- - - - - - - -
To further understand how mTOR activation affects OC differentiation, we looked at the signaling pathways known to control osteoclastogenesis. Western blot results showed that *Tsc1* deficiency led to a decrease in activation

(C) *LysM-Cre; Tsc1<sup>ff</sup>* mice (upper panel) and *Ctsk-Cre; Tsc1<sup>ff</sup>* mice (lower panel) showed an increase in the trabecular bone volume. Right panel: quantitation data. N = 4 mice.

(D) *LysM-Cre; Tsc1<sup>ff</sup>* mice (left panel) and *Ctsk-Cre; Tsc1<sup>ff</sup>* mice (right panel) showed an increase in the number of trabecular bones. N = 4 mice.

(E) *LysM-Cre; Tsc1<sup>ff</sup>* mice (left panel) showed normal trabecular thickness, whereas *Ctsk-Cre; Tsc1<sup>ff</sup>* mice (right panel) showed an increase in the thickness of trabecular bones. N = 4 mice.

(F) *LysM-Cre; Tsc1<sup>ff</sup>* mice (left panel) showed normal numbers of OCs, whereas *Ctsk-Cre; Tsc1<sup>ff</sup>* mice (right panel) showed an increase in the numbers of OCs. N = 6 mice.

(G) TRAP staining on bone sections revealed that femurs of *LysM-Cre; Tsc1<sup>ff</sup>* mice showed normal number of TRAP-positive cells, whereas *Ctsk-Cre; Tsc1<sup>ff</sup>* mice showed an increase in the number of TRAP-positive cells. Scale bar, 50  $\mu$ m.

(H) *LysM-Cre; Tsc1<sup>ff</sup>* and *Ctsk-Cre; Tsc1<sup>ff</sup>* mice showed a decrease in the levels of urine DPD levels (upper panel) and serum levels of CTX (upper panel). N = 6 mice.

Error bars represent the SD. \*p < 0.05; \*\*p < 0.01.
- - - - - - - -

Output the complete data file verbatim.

To further understand how mTOR activation affects OC differentiation, we looked at the signaling pathways known to control osteoclastogenesis. Western blot results showed that *Tsc1* deficiency led to a decrease in activation

(C) *LysM-Cre; Tsc1<sup>ff</sup>* mice (upper panel) and *Ctsk-Cre; Tsc1<sup>ff</sup>* mice (lower panel) showed an increase in the trabecular bone volume. Right panel: quantitation data. N = 4 mice.

(D) *LysM-Cre; Tsc1<sup>ff</sup>* mice (left panel) and *Ctsk-Cre; Tsc1<sup>ff</sup>* mice (right panel) showed an increase in the number of trabecular bones. N = 4 mice.

(E) *LysM-Cre; Tsc1<sup>ff</sup>* mice (left panel) showed normal trabecular thickness, whereas *Ctsk-Cre; Tsc1<sup>ff</sup>* mice (right panel) showed an increase in the thickness of trabecular bones. N = 4 mice.

(F) *LysM-Cre; Tsc1<sup>ff</sup>* mice (left panel) showed normal numbers of OCs, whereas *Ctsk-Cre; Tsc1<sup>ff</sup>* mice (right panel) showed an increase in the numbers of OCs. N = 6 mice.

(G) TRAP staining on bone sections revealed that femurs of *LysM-Cre; Tsc1<sup>ff</sup>* mice showed normal number of TRAP-positive cells, whereas *Ctsk-Cre; Tsc1<sup>ff</sup>* mice showed an increase in the number of TRAP-positive cells. Scale bar, 50  $\mu$ m.

(H) *LysM-Cre; Tsc1<sup>ff</sup>* and *Ctsk-Cre; Tsc1<sup>ff</sup>* mice showed a decrease in the levels of urine DPD levels (upper panel) and serum levels of CTX (upper panel). N = 6 mice.

Error bars represent the SD. \*p < 0.05; \*\*p < 0.01.